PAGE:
I am keen to reassure the House that we expect hearsay evidence to be used in rare circumstances. In recognition of the seriousness of violent offender orders, and in sympathy with the aims of the amendment of the noble Earl, Lord Onslow, we intend to make clear in guidance that hearsay evidence should be used only where necessary and must always be relevant to the matters to be proved. Where an applicant intends to rely on hearsay evidence in court, written notice must always be given in advance of the hearing. Further, it will always be for the magistrate to decide what weight they attach to hearsay evidence.

We also intend to stress in guidance that in practice we want witnesses to attend the court hearing in person, and therefore be cross-examined, wherever possible. The House will be aware that the Government have invested considerable resource into supporting witnesses, and the introduction of witness protection measures such as screens and voice distortion technology supports this. The Government have also committed to strengthen arrangements for victims further as part of their new action plan to tackle violence, which was published on 18 February this year.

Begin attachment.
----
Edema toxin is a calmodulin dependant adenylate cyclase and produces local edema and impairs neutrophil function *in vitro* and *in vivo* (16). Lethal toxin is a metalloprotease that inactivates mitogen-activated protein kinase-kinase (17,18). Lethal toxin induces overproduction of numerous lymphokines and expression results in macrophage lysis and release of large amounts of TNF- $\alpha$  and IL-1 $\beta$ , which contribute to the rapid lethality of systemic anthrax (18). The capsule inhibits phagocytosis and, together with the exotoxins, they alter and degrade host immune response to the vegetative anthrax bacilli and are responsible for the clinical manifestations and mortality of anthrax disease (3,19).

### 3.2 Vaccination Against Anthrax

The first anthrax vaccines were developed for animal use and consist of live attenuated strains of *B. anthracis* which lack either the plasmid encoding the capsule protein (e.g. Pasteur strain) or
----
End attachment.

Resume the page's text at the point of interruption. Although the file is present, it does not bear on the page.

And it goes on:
I agree that we need to make the application process for violent offender orders as fair as possible for the individuals in respect of whom an application has been made. However, we also have a duty to make the process as accessible as possible for witnesses who may feel at risk of serious violent harm from those individuals. I hope that the House will understand the difficult position that this leaves us in and see the changes that we have offered as a fair compromise. I hope that, having heard those arguments, the noble Earl will support the government amendment in lieu of his own. We have gone some way towards his position but there is a serious and proper constraint on how far we can move in that direction. I beg to move.